The story takes place in a random town in rural Korea called Outskirtsville where the discovery of a mysterious jar on the construction site of Outskirts Elementary is excavated and found to be in pristine condition even after 100 years had passed. Suee Lee, a cynical girl who has been under the care of a negligent father since her parents got divorced when she was five, moves to Outskirtsville with only one semester left to finish elementary school.

After living in high-rolling Bustle Street, Big City, Suee is unimpressed with her school and her surroundings and is perceptive enough to understand that her father was probably demoted. With her black dress, pointy black hair and aloof facial expression, she prides herself in being different from the rest of the student body and avoids befriending anyone. “This school is just not on my level,” she says. “I can’t make friends with lame people.” Due to her lack of parental oversight in her upbringing, she is independent, but selfish, and cares mostly about her own well-being and survival. Although there is rampant bullying on school grounds, Suee doesn’t care about anyone enough to step in and stop the abuse.

During her first day at Outskirts Elementary, Suee is lured into the school’s exhibit room by a mysterious voice. When she goes in to investigate, she suddenly becomes unconscious and does not remember the incident, only to find herself at home the next day with an unwelcome visitor in the form of her shadow. Suee eventually comes to realize that whenever she becomes annoyed, an enigmatic entity is summoned and embodies her shadow.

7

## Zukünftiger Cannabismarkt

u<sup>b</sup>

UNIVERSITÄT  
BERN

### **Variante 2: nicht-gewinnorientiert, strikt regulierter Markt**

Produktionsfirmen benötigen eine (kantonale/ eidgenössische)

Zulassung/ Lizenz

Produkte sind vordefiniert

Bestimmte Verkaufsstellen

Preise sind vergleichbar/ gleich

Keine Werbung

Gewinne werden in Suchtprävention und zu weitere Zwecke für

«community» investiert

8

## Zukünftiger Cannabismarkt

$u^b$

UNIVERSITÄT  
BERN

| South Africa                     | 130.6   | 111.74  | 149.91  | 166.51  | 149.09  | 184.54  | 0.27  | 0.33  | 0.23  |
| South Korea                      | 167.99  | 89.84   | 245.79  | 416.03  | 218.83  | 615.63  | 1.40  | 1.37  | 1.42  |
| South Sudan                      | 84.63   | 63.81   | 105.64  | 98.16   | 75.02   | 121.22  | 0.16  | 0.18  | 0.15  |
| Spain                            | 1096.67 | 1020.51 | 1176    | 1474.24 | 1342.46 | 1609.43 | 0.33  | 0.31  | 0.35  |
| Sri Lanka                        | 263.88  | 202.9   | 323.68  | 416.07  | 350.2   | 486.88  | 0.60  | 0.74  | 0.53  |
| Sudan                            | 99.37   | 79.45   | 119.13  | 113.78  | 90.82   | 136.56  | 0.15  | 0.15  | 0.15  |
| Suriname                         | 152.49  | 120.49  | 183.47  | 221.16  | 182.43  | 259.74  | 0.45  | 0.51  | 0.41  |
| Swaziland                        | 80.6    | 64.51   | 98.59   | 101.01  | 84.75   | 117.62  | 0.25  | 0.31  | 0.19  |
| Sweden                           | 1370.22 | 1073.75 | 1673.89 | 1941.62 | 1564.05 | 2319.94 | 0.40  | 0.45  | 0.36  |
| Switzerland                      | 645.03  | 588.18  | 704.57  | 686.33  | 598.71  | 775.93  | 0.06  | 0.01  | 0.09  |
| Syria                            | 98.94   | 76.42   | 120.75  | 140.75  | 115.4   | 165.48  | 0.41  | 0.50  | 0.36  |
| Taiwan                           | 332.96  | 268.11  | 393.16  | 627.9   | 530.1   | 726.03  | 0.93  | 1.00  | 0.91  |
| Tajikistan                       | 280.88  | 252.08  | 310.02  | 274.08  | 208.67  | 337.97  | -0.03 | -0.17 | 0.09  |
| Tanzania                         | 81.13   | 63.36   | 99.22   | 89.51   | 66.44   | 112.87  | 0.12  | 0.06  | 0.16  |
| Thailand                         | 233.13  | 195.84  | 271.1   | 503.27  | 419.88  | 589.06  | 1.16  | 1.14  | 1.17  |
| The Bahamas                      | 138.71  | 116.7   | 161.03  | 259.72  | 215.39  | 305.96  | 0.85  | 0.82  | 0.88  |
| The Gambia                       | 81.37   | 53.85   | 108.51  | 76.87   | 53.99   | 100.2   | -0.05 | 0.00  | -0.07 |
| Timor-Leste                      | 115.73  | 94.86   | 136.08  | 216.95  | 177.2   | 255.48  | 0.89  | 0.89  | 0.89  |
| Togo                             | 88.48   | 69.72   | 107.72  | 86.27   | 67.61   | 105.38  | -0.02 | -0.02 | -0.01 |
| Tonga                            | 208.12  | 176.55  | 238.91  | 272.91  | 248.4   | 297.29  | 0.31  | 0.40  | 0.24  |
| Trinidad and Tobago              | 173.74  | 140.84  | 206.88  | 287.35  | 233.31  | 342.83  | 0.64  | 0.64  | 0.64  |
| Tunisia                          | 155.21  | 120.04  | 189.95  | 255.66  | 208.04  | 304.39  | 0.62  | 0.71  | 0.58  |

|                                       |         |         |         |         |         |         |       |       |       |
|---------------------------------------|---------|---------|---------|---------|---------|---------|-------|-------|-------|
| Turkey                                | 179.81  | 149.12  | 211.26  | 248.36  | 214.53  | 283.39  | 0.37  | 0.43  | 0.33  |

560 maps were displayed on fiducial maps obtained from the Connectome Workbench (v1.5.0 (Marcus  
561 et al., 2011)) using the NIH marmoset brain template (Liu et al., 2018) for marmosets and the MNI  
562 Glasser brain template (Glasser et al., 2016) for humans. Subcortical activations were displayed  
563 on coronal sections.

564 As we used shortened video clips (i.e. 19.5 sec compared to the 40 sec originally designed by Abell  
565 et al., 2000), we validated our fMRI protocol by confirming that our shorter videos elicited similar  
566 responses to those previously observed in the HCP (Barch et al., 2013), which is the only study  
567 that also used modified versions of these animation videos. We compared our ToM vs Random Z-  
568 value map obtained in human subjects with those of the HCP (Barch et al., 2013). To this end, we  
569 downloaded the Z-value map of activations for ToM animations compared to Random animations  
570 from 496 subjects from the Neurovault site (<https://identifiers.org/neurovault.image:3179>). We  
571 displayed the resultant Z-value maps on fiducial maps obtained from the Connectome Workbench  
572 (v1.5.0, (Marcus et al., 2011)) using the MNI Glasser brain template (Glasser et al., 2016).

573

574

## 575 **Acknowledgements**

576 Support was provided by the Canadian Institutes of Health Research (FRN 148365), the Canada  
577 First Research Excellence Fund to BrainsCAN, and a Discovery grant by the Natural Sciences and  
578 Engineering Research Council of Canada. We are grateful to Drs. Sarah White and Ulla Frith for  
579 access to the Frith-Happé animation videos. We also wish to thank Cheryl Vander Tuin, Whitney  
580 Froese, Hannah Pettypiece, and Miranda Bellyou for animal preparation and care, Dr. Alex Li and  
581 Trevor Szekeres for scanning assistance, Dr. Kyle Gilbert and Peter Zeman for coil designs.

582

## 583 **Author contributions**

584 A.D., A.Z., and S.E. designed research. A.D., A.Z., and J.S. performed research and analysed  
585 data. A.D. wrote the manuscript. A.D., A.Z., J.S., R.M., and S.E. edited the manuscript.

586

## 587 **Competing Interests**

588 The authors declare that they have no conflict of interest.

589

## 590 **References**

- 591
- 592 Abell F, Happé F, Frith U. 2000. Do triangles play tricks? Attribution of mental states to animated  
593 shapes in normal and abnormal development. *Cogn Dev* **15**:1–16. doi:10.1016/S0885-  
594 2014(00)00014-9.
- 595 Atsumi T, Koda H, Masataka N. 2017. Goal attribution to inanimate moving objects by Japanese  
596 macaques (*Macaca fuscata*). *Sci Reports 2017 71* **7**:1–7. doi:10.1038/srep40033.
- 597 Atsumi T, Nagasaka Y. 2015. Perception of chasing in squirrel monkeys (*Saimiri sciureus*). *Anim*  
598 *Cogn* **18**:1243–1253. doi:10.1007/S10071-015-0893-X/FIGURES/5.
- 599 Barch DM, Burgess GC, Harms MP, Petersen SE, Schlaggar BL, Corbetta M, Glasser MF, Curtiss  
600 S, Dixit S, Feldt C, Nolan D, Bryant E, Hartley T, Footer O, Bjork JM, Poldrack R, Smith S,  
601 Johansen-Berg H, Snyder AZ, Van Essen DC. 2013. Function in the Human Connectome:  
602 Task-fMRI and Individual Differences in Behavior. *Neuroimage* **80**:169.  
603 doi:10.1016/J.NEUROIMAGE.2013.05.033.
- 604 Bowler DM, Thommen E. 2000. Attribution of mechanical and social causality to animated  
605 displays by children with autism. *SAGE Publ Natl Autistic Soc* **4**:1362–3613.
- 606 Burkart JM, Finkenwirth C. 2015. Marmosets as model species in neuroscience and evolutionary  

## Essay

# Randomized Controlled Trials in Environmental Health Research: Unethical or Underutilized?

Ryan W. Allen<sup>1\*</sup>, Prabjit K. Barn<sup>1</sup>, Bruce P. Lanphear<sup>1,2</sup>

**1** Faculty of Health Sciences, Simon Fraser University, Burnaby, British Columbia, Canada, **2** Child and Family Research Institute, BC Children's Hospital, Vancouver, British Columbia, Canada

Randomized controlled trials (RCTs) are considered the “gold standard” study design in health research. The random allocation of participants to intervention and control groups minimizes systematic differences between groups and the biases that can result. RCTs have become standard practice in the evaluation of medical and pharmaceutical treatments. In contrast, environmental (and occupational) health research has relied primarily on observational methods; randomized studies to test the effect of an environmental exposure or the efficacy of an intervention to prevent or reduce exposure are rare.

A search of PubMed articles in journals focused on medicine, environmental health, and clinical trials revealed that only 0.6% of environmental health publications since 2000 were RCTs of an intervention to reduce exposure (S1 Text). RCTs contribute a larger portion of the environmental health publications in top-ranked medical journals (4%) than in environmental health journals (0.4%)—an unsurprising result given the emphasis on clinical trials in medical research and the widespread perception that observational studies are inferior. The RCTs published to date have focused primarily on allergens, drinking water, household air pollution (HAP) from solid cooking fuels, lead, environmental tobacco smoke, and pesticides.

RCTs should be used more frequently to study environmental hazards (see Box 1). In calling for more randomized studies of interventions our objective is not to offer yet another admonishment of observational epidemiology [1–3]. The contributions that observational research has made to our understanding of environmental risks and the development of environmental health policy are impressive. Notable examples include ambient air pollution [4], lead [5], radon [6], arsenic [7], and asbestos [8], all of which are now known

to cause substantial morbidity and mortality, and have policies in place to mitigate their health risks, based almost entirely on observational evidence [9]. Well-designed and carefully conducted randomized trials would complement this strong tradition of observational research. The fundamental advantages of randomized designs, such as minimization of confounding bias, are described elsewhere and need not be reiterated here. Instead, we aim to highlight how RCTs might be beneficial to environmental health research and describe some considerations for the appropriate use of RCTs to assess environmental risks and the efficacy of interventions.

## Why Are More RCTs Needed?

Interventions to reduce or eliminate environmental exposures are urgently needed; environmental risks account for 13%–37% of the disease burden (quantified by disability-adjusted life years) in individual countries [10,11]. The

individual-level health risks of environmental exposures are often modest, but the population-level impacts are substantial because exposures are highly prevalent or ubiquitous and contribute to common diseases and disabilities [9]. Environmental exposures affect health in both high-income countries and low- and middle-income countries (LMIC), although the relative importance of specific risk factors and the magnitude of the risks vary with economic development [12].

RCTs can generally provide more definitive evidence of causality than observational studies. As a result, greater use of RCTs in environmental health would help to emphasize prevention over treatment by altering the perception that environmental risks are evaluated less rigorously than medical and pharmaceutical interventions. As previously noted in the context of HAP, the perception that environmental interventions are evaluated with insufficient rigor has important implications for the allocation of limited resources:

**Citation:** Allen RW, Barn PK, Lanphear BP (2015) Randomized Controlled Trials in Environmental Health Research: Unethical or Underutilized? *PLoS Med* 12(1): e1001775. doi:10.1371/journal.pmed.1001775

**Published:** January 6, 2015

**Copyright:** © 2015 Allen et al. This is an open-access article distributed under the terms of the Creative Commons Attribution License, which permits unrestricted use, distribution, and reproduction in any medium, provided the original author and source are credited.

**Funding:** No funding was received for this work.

The presence of her anthropomorphic shadow makes Suee self-conscious and nervous about attracting unwanted attention from her peers, especially that of Yejin Kang, a mean and obnoxious girl from her class who rides on the coattails of her parents’ affluence. Suee does not want to be labeled a loser, let alone be grouped in with a sub-class of losers called Zeroes that walk around mumbling with vacant expressions and hollow eyes.

As the number of Zeroes increase, the vice principal hurriedly prepares a separate classroom for them and a few students who failed a development exam the year before. Suee becomes suspicious about the possible involvement of her shadow in the creation of Zeroes and starts to investigate, joining forces with Haeun, a shy and timid girl in her class, and Hyunwoo, a confident and popular student at the top of his class, to investigate. As she learns more about the mysterious circumstances surrounding the Zeroes, she becomes more confirmed in her suspicions and tries to solve the problem on her own, which only makes it worse. Suee realizes too late that three heads are better than one when it comes to solving a problem, and when Haeun becomes a Zero, Suee will make the ultimate sacrifice to bring her back to normal.

A creepy, supernatural mystery that tingles with suspense and intrigue. Great for readers who enjoy quirky plots and characters. This story emphasizes the importance of friendships, especially when one’s own family is unreliable or unavailable, and teamwork. It also shows that it is never wise to ignore problems and pretend they don’t exist because they will fester and get worse and find a way to haunt you. The book has an open ending, and it is possible Ly and Park will continue this mystery as a series or saga, so expect more to come from this duo.